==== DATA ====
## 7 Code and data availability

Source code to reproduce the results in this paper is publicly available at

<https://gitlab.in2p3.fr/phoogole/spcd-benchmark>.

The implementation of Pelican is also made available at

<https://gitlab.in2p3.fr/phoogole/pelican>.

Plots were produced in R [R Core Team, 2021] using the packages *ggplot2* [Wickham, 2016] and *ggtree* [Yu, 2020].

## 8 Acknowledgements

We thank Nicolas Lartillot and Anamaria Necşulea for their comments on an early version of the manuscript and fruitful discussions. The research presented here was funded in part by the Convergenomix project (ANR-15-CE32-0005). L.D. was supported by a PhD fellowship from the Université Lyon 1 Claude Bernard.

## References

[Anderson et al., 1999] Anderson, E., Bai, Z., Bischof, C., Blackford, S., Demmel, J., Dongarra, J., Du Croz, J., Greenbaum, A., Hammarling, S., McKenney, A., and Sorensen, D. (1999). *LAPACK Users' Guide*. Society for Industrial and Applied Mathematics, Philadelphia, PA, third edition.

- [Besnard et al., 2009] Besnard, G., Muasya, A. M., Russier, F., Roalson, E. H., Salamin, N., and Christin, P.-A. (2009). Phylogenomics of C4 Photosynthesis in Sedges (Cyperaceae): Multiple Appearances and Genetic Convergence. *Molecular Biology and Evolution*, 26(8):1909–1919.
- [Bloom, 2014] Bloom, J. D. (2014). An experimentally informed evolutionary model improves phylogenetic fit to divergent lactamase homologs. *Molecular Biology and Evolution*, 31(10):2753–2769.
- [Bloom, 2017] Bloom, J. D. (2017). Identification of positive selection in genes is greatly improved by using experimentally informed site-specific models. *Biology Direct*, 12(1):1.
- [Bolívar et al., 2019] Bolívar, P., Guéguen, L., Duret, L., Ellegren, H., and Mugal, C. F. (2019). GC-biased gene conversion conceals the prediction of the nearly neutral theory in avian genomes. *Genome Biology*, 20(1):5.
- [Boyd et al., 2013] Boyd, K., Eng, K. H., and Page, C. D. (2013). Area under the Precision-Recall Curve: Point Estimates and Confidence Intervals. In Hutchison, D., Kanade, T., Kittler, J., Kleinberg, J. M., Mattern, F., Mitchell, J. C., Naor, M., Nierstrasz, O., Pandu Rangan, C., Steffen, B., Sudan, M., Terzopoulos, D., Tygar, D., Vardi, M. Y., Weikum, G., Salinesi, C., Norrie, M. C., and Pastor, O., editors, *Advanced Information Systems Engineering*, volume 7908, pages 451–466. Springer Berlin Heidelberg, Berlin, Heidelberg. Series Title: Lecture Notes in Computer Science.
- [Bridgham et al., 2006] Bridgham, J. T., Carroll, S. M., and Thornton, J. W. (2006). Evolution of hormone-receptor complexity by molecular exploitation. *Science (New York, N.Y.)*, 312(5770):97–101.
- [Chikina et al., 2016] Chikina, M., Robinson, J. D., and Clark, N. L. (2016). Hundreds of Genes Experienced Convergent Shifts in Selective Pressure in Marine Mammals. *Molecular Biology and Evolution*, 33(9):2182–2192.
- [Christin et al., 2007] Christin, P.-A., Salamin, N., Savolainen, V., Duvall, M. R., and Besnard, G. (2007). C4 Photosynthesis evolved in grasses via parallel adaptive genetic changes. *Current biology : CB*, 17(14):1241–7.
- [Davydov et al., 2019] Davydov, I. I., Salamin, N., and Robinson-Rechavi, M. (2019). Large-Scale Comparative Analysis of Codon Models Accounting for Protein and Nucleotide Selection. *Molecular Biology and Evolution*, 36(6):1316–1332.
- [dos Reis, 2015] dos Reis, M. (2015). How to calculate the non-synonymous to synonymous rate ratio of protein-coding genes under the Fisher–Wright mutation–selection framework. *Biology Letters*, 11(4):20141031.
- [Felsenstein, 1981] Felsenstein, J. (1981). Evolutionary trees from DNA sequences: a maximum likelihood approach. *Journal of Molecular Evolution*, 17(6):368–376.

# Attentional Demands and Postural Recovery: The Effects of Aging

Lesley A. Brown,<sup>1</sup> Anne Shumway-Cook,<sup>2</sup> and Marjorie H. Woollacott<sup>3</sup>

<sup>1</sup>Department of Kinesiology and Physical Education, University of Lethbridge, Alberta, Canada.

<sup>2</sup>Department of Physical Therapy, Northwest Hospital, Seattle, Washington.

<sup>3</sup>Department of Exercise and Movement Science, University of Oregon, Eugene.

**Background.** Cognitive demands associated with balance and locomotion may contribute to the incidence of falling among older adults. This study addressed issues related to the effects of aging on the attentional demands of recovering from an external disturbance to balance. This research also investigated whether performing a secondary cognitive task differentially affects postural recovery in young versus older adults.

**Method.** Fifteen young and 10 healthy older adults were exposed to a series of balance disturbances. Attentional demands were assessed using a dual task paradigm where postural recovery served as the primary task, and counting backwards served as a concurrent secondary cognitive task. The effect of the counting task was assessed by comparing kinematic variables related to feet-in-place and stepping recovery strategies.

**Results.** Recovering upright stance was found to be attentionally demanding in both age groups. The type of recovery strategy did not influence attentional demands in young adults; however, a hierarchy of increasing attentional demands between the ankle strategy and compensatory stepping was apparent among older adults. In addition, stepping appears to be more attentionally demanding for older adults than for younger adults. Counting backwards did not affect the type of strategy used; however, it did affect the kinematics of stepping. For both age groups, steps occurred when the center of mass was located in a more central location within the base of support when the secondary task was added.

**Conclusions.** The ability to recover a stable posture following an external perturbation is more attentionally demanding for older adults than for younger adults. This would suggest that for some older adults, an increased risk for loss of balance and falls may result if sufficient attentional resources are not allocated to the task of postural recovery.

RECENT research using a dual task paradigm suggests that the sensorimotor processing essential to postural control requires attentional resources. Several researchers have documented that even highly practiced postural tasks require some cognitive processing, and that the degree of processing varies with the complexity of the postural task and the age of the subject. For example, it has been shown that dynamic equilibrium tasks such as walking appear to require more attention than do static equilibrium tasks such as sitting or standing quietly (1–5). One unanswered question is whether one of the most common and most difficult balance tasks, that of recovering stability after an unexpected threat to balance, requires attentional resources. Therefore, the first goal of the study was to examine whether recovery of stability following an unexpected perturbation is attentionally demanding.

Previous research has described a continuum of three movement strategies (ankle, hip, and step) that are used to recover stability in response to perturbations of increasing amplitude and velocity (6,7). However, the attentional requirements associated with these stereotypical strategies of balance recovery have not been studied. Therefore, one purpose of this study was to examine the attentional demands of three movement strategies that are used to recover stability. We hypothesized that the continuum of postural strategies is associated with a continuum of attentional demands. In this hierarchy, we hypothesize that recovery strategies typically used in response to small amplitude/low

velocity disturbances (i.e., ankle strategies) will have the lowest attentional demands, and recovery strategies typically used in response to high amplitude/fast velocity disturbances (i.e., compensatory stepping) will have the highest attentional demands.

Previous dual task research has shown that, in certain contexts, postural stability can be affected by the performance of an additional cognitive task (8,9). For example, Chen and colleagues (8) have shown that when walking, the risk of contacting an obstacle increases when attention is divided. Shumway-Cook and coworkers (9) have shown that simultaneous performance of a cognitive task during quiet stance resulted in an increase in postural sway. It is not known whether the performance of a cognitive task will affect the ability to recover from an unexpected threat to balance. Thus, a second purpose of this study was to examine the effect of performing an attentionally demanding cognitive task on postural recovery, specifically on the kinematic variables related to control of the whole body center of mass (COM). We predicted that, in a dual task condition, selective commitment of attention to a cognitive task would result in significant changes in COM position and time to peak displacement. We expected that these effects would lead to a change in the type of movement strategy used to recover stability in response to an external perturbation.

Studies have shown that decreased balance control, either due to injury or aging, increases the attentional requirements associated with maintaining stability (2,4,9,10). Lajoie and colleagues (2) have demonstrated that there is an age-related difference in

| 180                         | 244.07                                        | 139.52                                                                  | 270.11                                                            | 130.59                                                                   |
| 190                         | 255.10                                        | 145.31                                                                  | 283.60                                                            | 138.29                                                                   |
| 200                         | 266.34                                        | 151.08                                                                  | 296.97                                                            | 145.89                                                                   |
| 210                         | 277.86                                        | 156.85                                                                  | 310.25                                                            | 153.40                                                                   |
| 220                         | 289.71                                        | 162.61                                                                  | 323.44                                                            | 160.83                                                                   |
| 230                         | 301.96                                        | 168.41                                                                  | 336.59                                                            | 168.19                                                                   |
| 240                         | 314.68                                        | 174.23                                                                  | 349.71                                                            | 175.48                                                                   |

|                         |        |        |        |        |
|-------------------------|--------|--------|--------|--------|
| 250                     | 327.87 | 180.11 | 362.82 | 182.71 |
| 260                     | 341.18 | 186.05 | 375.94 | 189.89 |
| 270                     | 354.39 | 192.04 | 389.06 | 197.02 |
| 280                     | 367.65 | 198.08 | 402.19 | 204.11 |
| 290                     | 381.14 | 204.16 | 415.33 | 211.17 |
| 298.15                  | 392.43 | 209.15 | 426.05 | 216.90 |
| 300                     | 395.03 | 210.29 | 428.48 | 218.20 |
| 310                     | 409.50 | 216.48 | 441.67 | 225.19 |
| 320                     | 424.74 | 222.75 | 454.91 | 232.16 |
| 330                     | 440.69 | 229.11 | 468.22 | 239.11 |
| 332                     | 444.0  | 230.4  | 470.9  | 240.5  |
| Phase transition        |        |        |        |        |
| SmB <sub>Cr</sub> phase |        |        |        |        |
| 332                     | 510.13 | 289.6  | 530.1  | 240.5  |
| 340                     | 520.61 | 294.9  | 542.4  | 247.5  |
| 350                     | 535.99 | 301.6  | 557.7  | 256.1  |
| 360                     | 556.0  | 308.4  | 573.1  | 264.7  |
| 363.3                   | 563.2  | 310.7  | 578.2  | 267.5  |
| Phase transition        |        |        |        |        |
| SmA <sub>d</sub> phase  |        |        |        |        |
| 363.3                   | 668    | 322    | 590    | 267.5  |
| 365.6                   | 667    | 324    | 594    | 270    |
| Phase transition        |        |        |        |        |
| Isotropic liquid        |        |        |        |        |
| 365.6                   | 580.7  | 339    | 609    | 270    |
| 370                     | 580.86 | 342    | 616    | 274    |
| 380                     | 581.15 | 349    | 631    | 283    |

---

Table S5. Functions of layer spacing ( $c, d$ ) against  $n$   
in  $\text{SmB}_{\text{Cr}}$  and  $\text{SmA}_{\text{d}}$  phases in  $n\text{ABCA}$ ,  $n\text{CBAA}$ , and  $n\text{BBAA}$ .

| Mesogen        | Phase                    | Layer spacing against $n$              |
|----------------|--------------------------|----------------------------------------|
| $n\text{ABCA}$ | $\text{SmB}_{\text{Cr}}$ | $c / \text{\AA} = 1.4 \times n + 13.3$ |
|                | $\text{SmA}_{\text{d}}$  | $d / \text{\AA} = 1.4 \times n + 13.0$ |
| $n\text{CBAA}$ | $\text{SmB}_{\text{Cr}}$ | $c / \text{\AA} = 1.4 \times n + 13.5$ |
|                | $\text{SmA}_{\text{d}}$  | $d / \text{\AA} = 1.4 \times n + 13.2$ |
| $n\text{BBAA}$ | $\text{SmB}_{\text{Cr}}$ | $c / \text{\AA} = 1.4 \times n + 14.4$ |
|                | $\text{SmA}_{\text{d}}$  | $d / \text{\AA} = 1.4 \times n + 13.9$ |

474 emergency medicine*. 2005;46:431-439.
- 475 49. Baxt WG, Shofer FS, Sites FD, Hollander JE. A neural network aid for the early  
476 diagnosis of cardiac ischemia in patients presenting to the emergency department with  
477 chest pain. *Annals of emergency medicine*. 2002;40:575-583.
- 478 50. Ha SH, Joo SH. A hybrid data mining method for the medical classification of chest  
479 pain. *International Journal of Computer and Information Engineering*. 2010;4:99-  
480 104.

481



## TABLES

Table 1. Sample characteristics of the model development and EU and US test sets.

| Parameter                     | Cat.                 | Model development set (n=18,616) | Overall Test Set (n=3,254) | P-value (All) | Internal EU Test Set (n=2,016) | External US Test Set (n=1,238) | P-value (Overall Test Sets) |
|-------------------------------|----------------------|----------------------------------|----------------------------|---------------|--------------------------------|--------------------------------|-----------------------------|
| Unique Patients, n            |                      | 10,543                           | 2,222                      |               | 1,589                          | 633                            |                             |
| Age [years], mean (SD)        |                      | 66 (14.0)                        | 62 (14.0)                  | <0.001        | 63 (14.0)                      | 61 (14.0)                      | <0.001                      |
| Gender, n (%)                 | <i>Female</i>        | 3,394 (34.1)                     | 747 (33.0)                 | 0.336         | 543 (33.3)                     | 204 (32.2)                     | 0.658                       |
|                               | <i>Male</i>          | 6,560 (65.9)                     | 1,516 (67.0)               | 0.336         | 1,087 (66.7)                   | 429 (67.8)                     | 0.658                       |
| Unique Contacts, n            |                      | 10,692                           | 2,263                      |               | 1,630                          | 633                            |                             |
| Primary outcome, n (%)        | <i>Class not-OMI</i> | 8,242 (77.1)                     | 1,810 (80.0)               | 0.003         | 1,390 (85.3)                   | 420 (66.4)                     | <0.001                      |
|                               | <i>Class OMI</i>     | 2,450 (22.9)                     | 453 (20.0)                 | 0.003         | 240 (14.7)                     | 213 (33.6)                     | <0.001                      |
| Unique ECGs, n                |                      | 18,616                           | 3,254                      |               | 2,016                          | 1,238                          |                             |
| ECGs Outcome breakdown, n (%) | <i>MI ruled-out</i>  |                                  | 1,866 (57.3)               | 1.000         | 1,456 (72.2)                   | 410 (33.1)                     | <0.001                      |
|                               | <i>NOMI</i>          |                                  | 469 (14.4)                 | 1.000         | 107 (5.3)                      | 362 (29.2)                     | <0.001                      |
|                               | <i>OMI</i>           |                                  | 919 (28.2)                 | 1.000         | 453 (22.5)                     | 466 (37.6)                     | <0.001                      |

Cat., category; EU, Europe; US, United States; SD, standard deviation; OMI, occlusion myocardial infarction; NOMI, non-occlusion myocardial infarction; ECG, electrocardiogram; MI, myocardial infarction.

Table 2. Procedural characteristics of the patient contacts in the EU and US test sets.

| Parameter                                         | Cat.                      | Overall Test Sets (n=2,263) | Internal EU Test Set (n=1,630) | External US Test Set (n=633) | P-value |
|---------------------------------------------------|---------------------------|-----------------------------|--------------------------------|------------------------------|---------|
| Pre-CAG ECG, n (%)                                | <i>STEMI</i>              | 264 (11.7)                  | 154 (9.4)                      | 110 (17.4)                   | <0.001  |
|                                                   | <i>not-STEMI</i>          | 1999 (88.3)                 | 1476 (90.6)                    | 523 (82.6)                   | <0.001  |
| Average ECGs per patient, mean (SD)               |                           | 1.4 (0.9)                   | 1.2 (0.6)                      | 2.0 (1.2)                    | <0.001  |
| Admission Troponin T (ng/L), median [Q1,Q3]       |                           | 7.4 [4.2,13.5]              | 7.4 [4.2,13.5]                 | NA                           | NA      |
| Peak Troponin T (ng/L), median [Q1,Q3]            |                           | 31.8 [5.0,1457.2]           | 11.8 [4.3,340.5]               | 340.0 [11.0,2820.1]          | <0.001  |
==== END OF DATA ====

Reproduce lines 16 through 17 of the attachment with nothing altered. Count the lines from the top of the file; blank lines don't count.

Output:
- [Bridgham et al., 2006] Bridgham, J. T., Carroll, S. M., and Thornton, J. W. (2006). Evolution of hormone-receptor complexity by molecular exploitation. *Science (New York, N.Y.)*, 312(5770):97–101.
- [Chikina et al., 2016] Chikina, M., Robinson, J. D., and Clark, N. L. (2016). Hundreds of Genes Experienced Convergent Shifts in Selective Pressure in Marine Mammals. *Molecular Biology and Evolution*, 33(9):2182–2192.